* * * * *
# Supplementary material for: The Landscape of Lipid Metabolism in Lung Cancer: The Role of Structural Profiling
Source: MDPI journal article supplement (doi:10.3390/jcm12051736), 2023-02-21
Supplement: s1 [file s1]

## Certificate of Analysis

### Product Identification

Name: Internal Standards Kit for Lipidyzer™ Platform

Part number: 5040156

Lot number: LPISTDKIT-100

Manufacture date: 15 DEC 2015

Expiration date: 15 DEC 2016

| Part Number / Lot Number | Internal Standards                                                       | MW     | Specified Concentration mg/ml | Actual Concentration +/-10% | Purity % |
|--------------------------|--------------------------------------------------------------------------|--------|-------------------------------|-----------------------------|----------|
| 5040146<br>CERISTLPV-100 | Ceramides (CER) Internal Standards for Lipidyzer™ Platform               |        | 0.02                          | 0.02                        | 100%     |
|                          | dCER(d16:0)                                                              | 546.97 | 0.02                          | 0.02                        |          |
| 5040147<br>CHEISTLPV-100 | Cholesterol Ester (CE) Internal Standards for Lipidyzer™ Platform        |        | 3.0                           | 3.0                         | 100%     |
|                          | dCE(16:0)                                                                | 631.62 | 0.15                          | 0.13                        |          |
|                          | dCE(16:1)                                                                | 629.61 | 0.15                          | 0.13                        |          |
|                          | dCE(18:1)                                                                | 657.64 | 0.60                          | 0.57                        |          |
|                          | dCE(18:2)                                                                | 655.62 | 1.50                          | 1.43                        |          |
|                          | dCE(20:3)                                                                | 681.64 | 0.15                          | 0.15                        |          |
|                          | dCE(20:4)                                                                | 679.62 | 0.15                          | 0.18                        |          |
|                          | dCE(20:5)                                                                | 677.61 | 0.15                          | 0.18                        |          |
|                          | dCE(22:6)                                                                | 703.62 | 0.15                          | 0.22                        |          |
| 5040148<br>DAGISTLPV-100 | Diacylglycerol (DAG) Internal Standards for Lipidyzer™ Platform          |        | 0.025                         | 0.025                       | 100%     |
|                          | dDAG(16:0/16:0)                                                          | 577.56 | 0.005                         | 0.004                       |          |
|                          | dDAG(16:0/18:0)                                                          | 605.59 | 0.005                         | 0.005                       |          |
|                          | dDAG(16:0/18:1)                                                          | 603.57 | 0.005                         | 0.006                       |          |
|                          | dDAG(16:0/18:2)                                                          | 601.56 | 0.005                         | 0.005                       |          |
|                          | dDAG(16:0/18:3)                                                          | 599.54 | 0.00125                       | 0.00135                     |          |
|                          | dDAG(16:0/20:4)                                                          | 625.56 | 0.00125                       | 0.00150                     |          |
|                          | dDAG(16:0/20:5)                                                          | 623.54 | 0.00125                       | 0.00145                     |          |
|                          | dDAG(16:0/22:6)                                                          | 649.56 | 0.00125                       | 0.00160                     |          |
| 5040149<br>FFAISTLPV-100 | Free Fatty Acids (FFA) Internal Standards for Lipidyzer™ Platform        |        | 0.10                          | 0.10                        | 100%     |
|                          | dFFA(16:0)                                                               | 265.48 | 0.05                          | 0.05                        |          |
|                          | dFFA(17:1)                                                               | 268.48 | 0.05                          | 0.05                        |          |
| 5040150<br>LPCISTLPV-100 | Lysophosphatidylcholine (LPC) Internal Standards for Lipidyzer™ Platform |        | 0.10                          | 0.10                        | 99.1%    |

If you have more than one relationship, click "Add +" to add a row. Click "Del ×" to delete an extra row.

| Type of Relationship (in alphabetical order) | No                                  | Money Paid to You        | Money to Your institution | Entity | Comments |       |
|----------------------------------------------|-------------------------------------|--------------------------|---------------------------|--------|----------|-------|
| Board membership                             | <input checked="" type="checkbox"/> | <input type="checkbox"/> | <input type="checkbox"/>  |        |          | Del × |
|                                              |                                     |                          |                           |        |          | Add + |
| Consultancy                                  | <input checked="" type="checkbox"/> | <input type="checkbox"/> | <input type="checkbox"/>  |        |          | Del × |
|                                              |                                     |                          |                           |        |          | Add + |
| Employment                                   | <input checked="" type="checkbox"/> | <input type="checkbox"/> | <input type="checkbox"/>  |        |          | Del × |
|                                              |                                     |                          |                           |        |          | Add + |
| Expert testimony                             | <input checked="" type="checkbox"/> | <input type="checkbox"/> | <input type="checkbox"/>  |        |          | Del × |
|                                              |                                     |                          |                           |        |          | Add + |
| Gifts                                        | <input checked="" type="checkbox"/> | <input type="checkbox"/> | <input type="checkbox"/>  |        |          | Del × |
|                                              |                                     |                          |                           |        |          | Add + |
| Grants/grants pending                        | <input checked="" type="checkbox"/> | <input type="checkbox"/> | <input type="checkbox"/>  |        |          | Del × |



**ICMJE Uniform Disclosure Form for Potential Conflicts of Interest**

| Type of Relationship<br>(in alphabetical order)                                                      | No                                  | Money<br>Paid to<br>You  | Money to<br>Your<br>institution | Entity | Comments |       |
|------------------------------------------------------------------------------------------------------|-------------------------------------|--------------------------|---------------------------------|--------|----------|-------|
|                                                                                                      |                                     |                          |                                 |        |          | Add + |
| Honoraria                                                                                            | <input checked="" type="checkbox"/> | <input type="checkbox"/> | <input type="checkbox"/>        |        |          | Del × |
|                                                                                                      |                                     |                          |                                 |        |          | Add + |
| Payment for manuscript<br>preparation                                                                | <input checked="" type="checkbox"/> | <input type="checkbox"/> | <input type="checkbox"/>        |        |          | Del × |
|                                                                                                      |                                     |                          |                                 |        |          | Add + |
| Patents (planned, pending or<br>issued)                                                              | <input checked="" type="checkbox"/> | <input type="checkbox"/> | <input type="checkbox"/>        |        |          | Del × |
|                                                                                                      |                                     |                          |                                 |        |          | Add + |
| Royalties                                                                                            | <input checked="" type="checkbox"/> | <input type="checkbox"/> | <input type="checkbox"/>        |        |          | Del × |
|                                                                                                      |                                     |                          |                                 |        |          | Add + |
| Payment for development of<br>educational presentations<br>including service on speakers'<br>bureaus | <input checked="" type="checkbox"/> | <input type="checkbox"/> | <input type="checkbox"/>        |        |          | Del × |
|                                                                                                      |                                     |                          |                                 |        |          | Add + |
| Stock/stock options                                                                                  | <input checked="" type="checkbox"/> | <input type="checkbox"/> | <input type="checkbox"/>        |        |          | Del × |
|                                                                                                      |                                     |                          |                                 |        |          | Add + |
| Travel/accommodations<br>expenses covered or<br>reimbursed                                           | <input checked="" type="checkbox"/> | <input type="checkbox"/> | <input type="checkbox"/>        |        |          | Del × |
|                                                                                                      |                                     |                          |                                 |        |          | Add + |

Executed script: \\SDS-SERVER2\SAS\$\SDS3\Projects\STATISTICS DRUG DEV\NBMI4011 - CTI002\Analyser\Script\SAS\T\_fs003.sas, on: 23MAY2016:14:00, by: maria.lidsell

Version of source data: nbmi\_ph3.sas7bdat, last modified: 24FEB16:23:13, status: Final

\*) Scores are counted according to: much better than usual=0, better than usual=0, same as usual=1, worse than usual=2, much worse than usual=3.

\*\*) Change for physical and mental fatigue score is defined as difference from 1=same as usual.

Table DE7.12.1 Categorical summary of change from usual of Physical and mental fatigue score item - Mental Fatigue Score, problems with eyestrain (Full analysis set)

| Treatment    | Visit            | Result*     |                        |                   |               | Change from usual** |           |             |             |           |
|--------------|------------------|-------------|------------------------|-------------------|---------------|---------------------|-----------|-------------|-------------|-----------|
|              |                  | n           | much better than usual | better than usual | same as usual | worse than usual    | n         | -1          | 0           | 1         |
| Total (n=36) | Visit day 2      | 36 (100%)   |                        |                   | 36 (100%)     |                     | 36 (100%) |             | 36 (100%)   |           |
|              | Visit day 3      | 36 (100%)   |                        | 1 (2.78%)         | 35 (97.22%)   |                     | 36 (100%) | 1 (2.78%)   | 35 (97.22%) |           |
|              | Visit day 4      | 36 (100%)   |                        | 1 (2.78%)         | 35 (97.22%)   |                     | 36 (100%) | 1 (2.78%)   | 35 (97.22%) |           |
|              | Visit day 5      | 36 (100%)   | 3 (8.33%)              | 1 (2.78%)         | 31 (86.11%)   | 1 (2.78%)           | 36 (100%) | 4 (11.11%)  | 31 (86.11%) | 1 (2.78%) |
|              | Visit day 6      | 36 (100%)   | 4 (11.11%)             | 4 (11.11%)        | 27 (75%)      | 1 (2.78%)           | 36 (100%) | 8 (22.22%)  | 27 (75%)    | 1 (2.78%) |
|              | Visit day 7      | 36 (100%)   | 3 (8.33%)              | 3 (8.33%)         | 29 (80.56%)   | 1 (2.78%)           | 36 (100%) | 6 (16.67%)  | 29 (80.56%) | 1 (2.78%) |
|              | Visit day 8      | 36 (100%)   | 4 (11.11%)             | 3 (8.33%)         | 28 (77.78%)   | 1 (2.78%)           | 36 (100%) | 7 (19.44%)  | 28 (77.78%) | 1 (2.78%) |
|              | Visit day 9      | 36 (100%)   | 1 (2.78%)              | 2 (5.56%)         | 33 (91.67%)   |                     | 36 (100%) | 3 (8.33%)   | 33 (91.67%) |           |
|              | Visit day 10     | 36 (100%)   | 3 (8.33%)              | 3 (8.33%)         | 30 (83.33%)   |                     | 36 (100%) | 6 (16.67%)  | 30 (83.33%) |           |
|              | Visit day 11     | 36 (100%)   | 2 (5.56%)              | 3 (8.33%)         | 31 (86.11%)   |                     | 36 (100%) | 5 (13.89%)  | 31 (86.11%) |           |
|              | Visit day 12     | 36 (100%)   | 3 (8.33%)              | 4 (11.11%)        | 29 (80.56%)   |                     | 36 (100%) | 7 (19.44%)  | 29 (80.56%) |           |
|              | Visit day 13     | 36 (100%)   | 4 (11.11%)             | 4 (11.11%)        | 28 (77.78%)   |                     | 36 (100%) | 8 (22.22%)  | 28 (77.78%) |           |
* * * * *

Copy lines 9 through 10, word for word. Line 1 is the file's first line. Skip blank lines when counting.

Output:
Manufacture date: 15 DEC 2015

Expiration date: 15 DEC 2016